Pretty dynamic? I'd say unbelievably dynamic. Writing is the hardest for me. It doesn't come as naturally as the other forms and I feel far more dread during the process. Acting and voice acting are more mercurial and maybe come a little easier to me. I guess that stems from wanting to be a writer when I younger, and not really considering acting or comedy as a viable profession.
How do you distinguish between voice acting as Bob and voice acting as Archer? If you did a Pepsi Challenge–style test where you heard a sound byte and had to guess which character said it, how would you fare?
Yes, I would win that challenge 78 out of 100 times. I think there are subtle distinctions. Archer is never not confident in his tone and Bob is always a little apprehensive, like a guy who's never quite sure of the next thing he's going to say. Also, Archer is always drunk and Bob is rarely so.
Looking back at 2015, what are some cultural things you'll remember the most outside your own work?
Well, I just saw the Dinosaur Jr. anniversary show, which was pretty great. The singer from Negative Approach, Kevin Shields of My Bloody Valentine, and some of Sonic Youth performed with them. For movies, I liked Ex Machina , When Marnie Was There, The Visit, Jafar Panahi's Taxi, It Follows , and I'm not sure it counts as this year, but I really enjoyed seeing Jodorowsky's Holy Mountain while really drunk with my friend Leo after a huge sushi meal when no one else was in the theater so we (or just I) farted a lot. Also, Eugene Mirman's wedding was a cultural touchstone, which included a really well delivered poem by Derrick Brown.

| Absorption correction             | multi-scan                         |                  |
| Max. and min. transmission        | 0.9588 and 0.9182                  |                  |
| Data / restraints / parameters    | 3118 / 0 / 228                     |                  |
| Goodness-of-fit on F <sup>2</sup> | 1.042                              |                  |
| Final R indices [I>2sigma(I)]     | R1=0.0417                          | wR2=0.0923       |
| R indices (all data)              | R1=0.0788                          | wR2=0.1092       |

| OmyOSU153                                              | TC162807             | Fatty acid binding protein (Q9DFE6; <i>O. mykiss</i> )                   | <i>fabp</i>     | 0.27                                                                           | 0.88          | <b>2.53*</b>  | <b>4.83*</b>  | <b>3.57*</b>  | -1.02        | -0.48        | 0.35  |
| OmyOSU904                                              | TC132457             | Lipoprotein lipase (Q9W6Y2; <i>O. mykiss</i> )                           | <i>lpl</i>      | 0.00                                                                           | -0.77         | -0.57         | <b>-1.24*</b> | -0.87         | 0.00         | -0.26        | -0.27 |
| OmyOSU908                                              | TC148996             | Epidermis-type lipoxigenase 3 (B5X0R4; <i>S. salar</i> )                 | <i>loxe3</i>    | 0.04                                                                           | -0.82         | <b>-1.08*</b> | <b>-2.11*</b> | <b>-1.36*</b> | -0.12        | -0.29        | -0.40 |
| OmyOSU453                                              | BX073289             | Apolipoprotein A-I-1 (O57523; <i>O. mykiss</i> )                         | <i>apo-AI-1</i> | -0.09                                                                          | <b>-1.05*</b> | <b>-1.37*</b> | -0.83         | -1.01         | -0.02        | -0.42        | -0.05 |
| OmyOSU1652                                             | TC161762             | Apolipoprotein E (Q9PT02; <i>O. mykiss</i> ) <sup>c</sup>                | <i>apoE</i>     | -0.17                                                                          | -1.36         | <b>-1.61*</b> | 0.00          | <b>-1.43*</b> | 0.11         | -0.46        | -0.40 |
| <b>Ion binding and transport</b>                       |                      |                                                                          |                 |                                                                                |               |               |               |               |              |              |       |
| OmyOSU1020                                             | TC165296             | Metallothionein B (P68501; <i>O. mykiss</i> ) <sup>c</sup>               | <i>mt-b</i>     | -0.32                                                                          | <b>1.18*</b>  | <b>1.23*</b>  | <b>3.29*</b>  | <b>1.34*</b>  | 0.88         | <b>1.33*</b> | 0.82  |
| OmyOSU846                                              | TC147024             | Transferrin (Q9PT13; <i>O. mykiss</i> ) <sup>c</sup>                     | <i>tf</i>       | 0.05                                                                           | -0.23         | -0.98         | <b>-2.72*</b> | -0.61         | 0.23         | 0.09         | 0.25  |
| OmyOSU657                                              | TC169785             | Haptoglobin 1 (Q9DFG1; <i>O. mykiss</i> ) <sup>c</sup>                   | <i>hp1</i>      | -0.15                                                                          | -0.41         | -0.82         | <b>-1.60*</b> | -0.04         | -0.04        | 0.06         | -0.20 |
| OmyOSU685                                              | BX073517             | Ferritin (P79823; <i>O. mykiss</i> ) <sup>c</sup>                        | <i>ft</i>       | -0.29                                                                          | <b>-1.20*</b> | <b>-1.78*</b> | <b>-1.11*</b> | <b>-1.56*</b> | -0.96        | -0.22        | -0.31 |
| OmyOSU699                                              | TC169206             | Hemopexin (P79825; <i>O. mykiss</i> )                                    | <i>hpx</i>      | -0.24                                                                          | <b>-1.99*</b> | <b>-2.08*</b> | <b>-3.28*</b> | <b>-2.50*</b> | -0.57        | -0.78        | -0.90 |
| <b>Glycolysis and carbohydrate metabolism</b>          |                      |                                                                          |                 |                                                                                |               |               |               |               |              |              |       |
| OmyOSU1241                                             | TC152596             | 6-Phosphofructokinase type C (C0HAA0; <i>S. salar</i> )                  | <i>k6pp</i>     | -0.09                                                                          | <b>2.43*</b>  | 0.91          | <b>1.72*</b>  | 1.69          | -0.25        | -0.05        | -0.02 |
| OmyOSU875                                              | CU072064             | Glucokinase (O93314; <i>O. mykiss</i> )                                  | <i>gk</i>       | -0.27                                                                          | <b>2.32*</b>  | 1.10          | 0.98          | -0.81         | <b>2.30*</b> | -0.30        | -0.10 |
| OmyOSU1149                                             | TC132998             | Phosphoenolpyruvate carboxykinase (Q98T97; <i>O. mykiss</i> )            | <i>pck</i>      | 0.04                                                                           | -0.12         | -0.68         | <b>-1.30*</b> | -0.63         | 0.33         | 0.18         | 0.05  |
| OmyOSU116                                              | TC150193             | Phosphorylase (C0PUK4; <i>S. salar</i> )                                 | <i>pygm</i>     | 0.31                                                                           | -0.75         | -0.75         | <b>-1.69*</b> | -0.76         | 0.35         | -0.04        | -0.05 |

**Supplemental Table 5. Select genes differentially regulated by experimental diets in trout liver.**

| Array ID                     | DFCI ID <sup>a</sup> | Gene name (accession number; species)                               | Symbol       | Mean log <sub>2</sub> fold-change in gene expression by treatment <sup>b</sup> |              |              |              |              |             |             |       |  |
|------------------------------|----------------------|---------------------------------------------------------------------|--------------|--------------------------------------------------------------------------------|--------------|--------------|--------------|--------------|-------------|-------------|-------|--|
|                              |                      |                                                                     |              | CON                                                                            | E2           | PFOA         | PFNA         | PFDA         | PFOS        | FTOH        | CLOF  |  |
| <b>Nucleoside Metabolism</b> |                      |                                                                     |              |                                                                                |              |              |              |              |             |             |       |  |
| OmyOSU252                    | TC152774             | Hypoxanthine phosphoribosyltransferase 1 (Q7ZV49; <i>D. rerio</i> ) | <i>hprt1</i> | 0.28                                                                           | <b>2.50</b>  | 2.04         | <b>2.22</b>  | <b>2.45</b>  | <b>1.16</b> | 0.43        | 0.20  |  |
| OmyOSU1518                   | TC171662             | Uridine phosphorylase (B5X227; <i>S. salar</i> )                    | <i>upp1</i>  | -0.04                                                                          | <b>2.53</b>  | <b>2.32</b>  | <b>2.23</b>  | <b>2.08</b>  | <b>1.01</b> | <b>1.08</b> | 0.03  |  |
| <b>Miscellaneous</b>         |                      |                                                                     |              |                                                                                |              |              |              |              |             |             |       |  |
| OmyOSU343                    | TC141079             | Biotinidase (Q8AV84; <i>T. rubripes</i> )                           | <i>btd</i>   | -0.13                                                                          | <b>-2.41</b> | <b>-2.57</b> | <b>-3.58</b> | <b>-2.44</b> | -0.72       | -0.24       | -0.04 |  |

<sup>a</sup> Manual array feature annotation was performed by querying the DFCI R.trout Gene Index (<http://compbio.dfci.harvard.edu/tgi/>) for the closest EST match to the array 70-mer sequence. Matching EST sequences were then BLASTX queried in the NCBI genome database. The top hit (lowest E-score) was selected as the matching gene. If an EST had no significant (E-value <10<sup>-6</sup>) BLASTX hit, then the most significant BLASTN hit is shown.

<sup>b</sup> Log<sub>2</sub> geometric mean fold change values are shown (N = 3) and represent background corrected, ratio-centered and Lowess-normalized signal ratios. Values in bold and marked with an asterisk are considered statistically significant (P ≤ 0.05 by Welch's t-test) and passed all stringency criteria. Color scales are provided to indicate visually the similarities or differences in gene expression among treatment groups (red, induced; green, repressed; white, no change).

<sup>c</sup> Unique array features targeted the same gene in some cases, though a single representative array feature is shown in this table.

Can you tell me about how your "jazz" album happened? Did you approach Sub Pop with the idea?
I had been approached a couple times to do a comedy album, but I'm always too lazy to put together a set that would work. I had been doing this bit live where I would have a keyboard on stage and I start waxing on about how I grew up very privileged in a predominately poor city where many people had not a lot of options, except music, which elevated a lot of people out of the doldrums. Then, I would tell the audience that I wrote a song about it, but would just play a bunch of nonsense on the piano cause I can't play.
The bit never did that well, but I thought about expanding the idea to try and do an entire jazz album with me on piano where I'm not able to play at all, but the rest of the band plays through it as if it were a normal session. I called Tony [Kiewel] at Sub Pop to see if he knew a label that would do something this indulgent and he said they would.
What genre should this record be kept in at record stores?
I'm really not sure—maybe in the bargain bin.
Who are some other voice actors who you think killed it in 2015?
There have been a few guests on the shows I work on whose characters I really like a lot. David Wain's character on Bob's Burgers is really funny and silly and makes me laugh. Trump's been really funny to listen to. Also, I guess not technically voice work but the entire cast of Kung Fury. I watch animation mostly via my son, so we're watching a lot of Bob's Burgers, The Simpsons, Family Guy, and Bojack Horseman.
What do you have store for 2016?
I've been working on an anthology erotica show for IFC, where I play the narrator of a bunch of erotic tales, sort of like the Red Shoe Diaries meets The Diary of Anne Frank.
Did you achieve your New Years resolutions for 2015?
I promised to reduce income inequality. This year, I'll resolve to buy something extravagant. I'm like one year on, one year off the progressive agenda.
What are you looking forward to most in your own life next year?
More and more I do less and less; it's mainly about trying to get a good night's sleep at this point.